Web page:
Salazar confirmed that BP was capturing around 15,000 barrels a day from a new device placed on the wellhead, but was unable to estimate how much was still leaking.

‘It is important for us to have the right number. We’ll get that right number,’ he said.

‘Our goal is get zero pollution from this well. Nothing is being spared to bring this problem under control.’
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22
May
10

Facebook preparing to make changes to privacy settings in response to criticism

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Facebook preparing to make changes to privacy settings in response to criticism

Saturday, May 22, 2010

Facebook on Saturday said it plans to simplify privacy controls at the popular social-networking service to appease critics.

‘We’ve spent the last couple of weeks listening to users and consulting with experts in California; Washington, DC, and around the world,’ Facebook spokesman Andrew Noyes said in response to an AFP inquiry.

‘The messages we’ve received are pretty clear. Users appreciate having precise and comprehensive controls, but want them to be simpler and easier to use.’

Facebook contended that members like new programs rolled out at the California-based internet hotspot but want easy ways to opt out of sharing personal information with third-party applications or websites.

‘We’re listening to this input and incorporating it into innovations we hope to announce shortly,’ Noyes said.

Facebook has been under fire from U.S. privacy and consumer groups, U.S. lawmakers and the European Union over new features that critics claim compromise the privacy of its more than 400 million members.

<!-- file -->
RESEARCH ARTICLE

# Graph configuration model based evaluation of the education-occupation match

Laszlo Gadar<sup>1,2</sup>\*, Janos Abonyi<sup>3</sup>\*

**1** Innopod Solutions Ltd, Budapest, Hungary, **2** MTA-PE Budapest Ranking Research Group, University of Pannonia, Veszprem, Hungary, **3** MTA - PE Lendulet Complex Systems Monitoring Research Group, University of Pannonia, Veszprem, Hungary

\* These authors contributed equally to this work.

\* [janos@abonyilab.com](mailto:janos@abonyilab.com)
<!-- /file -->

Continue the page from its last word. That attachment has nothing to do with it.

The features introduced last month include the ability for partner websites to incorporate Facebook data, a move that would further expand the social network’s presence on the internet.
Four U.S. senators, in a letter to Facebook co-founder Mark Zuckerberg, said they were worried that personal information about Facebook users is being made available to third party websites.

The senators also expressed concerns that ‘Facebook now obligates users to make publicly available certain parts of their profile that were previously private’.

Sharing personal information should be an ‘opt-in’ procedure in which a user specifically gives permission for data to be shared, privacy advocates argue.

Coming Facebook refinements are not expected to include a shift to an opt-in model.

Facebook vice president of global communications Elliot Schrage has been adamant that online privacy is taken very seriously at the company.

‘These new products and features are designed to enhance personalisation and promote social activity across the internet while continuing to give users unprecedented control over what information they share, when they want to share it, and with whom,’ Schrage said.

MySpace on May 17 announced plans to simplify its privacy settings as it seeks to differentiate itself from social network rival Facebook, which has eclipsed the News Corp-owned social networking service.

‘The last few weeks have been fraught with discussion around user privacy on social networks,’ MySpace co-president Mike Jones said in a blog post without directly mentioning Facebook by name.

‘While MySpace at its core is about discovery, self expression and sharing, we understand people might want the option of limiting the sharing of their information to a select group of friends,’ Jones said.
Jones said MySpace, which was bought by News Corp. in 2005 for $580 million, is ‘planning the launch of a simplified privacy setting for our user profiles.

‘While we’ve had these plans in the works for some time, given the recent outcry over privacy concerns in the media, we felt it was important to unveil those plans to our users now,’ he said.
• Source(s): Facebook Inc. and MySpace / Digital Media Group / News Corporation
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15
May
10

Weekly Address: Wall Street Reform & Main Street

NEWS
Weekly Address: Wall Street Reform & Main Street